Mind-body modalities, including mind-body skills groups (MBSGs), teach a variety of mind-body techniques and allow for the patient to choose the specific technique that works best for them. In an analysis of adolescent patients with depression in a primary care setting, an MBSG intervention reduced depression symptoms significantly. Full study results have been published in the Journal of Pediatric Health Care.1 

 “The benefit of programs like MBSGs is teens can tailor the intervention to their own interests and needs. By practicing several mindfulness skills, teens can run with the intervention skill that they enjoy the most,” stated lead study author Matt Aalsma, PhD, in an accompanying press release.2 Approximately 3.5 million US teenagers suffer from depression.3 Current treatments include medication and cognitive behavioral therapy, but adherence to medical management is poor, reported the study authors.

To help improve adherence to therapy, the authors proposed providing behavioral health services at the point of care — in the primary care setting.  During the 10-week series, participants (aged 13 to 17 years) were taught a variety of tools and techniques to foster self-awareness and emotional regulation.

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Each weekly session included up to 12 participants and lasted for 90 minutes. During the sessions, participants were taught mind-body skills such as mindfulness and active meditations, including slow, deep breathing, mindful eating, and movement, reported the authors. Other techniques include biofeedback and autogenic training, guided imagery, and self-expression through written words and drawings.

Participants were then asked to complete a survey after the MBSG was completed and then approximately 3 months later. Participants also completed self-reported measures at baseline, postintervention, and at 3 month follow-up. These measures included the Children’s Depression Inventory-2 (CDI-2) for depression, the Suicidal Ideation Questionnaire (SIQ) and the Suicide Ideation Questionnaire-Junior High School version (SIQ-JR) for suicidal ideation, the Mindful Attention Awareness Scale-Adolescents (MAAS-A) for adolescent mindfulness, the Self-Efficacy Questionnaire for Depressed Adolescents (SEQ-DA) for measuring effectiveness in coping with depression, and the Children’s Response Style Questionnaire-Rumination (CRSQ-r) for youth response styles to depressed mood. An additional measure was used to rate feelings of acceptability.

A total of 43 teens were included in the study; the majority were female (79%), Hispanic (67%), and in junior high school (58%). Only 14% of participants attended less than half of sessions, and 86% of participants attended 6 or more sessions. In all, 25% of participants attended every session.

Results of the study found that there was a significant improvement over time in the total CDI-2 score as well as for functional and emotional problems and their subscales of negative mood and/or physical symptoms, negative self-esteem, ineffectiveness, and interpersonal problems. Continuous improvement was seen for both the postintervention time point as well as for follow-up for the total CDI-2 scores. For the other scales and/or subscales there was no significant difference between the postintervention and follow-up time points.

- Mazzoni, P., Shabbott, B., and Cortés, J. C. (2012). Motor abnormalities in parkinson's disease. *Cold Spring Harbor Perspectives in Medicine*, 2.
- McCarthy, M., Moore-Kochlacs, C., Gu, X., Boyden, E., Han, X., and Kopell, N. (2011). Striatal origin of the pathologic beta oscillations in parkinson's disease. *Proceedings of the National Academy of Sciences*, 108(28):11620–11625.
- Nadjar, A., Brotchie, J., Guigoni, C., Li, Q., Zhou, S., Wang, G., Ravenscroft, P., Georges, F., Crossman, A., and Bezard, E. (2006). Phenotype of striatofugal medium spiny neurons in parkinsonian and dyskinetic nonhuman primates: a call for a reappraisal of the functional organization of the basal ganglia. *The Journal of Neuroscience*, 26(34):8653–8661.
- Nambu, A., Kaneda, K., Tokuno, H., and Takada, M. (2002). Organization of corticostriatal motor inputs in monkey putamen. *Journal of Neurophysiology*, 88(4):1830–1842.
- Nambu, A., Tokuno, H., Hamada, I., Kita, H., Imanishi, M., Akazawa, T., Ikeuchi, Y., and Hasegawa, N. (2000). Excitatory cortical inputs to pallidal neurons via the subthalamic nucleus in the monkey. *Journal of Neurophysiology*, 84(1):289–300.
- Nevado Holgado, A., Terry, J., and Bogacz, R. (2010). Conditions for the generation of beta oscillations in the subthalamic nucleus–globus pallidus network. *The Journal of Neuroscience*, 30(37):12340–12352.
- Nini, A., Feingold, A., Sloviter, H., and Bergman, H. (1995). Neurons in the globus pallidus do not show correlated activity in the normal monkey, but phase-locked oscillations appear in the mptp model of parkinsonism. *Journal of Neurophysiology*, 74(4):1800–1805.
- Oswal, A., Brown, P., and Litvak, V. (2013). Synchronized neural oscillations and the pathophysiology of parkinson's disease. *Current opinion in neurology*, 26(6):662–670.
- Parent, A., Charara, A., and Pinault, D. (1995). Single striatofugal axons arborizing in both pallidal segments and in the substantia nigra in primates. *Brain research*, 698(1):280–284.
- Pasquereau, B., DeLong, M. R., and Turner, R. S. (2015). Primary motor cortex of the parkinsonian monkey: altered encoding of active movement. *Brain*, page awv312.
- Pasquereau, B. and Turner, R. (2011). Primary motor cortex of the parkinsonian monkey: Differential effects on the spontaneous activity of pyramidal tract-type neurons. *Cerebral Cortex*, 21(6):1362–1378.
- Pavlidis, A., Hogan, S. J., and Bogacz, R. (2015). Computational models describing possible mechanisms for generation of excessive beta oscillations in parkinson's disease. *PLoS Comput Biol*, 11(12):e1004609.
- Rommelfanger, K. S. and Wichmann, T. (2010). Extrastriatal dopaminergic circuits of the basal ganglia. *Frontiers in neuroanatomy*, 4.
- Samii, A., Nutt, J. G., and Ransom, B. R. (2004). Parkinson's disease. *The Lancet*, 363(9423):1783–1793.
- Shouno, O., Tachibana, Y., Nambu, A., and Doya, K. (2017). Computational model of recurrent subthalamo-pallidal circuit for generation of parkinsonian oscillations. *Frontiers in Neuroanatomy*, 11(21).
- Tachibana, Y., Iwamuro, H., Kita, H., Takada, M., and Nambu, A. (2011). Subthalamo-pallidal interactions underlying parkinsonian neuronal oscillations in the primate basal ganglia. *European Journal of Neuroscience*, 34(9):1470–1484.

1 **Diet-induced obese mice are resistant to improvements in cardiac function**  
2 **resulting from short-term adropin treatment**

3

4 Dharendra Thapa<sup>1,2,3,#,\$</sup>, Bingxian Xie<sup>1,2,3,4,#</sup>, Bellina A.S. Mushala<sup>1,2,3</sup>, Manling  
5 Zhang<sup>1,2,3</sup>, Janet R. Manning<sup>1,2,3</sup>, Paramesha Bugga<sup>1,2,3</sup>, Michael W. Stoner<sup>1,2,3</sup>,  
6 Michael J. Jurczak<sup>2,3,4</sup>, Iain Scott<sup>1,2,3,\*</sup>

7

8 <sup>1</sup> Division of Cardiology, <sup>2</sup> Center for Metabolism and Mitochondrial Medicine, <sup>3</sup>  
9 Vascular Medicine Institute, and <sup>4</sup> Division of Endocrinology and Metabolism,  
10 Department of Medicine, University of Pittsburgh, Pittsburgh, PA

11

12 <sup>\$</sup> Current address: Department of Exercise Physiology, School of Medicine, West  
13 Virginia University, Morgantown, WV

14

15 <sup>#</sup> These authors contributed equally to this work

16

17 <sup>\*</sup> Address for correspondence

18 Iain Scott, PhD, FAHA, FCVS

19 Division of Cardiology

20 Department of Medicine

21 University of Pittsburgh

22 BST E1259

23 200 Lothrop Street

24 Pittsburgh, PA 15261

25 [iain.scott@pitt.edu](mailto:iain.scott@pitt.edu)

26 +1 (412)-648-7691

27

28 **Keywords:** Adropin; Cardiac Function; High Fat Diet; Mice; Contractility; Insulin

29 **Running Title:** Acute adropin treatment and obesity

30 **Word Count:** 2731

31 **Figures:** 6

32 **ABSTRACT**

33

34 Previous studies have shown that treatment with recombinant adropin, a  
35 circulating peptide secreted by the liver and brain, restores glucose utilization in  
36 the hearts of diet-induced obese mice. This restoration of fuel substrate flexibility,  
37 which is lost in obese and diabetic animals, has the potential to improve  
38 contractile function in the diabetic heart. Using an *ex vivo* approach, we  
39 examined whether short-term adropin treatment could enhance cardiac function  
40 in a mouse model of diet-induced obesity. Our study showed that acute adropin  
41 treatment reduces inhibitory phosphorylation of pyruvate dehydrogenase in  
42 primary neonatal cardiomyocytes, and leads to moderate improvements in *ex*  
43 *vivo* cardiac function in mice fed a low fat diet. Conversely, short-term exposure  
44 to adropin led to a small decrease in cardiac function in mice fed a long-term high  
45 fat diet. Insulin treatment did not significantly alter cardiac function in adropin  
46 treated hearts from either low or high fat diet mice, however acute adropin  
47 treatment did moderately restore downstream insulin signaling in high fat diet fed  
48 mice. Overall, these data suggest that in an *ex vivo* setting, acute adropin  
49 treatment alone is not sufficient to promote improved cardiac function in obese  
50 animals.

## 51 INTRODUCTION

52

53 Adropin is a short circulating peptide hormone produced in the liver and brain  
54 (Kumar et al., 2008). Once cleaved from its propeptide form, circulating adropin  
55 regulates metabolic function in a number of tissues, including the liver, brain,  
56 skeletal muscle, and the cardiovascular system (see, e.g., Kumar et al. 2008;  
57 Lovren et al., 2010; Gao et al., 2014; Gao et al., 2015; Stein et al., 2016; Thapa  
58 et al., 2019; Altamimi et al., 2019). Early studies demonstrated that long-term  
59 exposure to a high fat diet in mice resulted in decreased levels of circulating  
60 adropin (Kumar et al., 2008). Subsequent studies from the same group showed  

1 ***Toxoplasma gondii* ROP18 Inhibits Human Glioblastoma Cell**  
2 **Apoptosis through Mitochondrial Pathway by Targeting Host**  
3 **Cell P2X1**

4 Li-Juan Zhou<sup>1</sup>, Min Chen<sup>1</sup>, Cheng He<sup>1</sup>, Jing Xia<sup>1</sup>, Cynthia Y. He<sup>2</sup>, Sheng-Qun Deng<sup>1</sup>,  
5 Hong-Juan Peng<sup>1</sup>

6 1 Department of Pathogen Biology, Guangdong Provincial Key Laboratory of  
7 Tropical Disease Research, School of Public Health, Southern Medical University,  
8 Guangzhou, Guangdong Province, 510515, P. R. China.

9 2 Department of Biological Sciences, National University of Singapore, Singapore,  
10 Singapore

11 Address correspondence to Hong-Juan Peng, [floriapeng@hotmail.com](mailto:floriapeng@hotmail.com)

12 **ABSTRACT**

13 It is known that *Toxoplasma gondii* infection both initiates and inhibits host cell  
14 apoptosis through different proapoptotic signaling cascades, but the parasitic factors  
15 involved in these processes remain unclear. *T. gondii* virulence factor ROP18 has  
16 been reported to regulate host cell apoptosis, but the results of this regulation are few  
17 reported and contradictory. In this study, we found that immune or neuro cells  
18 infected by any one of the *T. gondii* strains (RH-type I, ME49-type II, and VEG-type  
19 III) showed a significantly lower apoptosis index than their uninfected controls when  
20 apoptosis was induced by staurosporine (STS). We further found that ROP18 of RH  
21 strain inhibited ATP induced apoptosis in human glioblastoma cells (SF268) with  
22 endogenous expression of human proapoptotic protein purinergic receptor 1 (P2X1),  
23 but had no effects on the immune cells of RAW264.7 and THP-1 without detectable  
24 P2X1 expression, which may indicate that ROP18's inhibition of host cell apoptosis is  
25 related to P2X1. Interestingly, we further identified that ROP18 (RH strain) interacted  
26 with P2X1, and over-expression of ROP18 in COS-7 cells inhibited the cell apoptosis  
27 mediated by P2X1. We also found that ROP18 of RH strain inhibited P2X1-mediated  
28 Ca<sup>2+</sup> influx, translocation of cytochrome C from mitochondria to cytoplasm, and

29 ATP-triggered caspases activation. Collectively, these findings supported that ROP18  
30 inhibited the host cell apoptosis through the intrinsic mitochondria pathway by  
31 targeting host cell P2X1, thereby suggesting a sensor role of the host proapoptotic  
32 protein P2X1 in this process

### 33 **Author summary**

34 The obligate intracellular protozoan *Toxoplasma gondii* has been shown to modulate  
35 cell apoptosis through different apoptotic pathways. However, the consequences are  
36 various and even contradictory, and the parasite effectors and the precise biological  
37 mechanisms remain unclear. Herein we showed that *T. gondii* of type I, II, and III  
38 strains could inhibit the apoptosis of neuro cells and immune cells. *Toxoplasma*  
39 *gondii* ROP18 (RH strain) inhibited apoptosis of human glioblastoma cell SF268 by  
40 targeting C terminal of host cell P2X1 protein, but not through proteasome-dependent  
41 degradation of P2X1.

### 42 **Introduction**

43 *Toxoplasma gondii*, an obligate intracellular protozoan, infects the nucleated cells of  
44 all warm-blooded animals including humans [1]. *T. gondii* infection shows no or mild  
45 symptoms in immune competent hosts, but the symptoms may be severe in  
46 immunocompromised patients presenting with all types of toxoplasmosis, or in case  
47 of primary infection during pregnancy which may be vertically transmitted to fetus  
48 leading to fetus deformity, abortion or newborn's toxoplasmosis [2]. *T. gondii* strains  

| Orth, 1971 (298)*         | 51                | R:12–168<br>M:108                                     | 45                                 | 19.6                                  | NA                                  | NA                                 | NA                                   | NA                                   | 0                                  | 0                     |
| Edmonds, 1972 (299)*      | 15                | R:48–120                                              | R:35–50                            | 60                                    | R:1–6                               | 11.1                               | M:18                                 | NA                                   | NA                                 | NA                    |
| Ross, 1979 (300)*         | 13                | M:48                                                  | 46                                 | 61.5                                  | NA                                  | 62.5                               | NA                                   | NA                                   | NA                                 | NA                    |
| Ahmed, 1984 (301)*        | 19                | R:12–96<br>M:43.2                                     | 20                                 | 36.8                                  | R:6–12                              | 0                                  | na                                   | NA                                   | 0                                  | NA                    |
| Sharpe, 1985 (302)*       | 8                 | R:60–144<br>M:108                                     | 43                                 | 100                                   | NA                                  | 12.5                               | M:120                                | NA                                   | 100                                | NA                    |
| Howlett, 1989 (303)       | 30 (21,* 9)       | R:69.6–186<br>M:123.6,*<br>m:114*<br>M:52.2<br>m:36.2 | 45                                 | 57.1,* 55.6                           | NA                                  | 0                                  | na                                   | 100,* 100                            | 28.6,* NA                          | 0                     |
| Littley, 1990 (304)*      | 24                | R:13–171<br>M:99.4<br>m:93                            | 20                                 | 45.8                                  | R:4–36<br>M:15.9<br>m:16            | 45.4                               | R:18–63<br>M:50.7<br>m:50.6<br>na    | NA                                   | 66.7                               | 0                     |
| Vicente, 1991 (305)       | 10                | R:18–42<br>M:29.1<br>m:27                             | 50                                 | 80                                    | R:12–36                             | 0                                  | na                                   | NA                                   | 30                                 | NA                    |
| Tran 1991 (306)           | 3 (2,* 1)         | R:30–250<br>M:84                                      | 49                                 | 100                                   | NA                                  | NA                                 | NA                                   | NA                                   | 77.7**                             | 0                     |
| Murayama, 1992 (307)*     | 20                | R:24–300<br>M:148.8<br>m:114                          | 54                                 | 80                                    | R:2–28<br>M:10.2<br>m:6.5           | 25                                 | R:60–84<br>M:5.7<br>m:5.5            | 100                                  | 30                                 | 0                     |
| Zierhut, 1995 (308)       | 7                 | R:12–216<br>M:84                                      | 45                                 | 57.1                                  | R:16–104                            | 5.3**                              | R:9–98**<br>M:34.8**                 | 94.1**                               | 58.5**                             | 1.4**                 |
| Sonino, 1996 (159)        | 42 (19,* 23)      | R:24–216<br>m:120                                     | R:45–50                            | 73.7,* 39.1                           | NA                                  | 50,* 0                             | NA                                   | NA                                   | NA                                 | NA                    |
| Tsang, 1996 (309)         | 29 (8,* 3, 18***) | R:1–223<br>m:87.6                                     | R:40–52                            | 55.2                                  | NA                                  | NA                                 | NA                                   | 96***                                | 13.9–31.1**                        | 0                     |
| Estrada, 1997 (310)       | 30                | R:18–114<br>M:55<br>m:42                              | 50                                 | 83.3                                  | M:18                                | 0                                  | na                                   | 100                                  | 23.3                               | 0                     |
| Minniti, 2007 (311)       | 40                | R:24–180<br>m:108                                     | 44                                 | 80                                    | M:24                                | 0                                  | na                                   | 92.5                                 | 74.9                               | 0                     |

In addition to improved depression, results found a significant improvement postintervention in secondary outcomes of mindfulness, self-efficacy, rumination, and suicidal ideation.

Commenting on the study, the National Association of Pediatric Nurse Practitioners (NAPNAP) urged primary care clinicians to look for new, effective ways to help treat adolescents with depression in practice. “Innovative therapies like MBSGs should be explored as potential integrated behavioral health services,” the organization noted. “The adolescents in the study were highly engaged in the intervention and viewed it as an acceptable treatment option in primary care.”2

Disclosure: This study was supported by the Sandra Eskenazi Mental Health Center and the Herbert Simon Family Foundation.


1. Aalsma MC, Jones LD, Staples JK, et al. Mind-body skills groups for adolescents with depression in primary care: a pilot study. J Pediatr Health Care. 2020;34(5):462-469.

2. Worsley J. Pilot study indicates mind-body skills groups could be an effective treatment option for depressed adolescents [news release]. New York, NY: National Association of Pediatric Nurse Practitioners (NAPNAP) Media Relations; October 12, 2020.

3. Substance Abuse and Mental Health Services Administration (SAMHSA). Key substance use and mental health indication in the United States: results from the 2018 National Survey of Drug Use and Health. SAMHSA website. August, 2019. Accessed October 22, 2020. https://www.samhsa.gov/data/sites/default/files/cbhsq-reports/NSDUHNationalFindingsReport2018/NSDUHNationalFindingsReport2018.pdf.

This article originally appeared on Clinical Advisor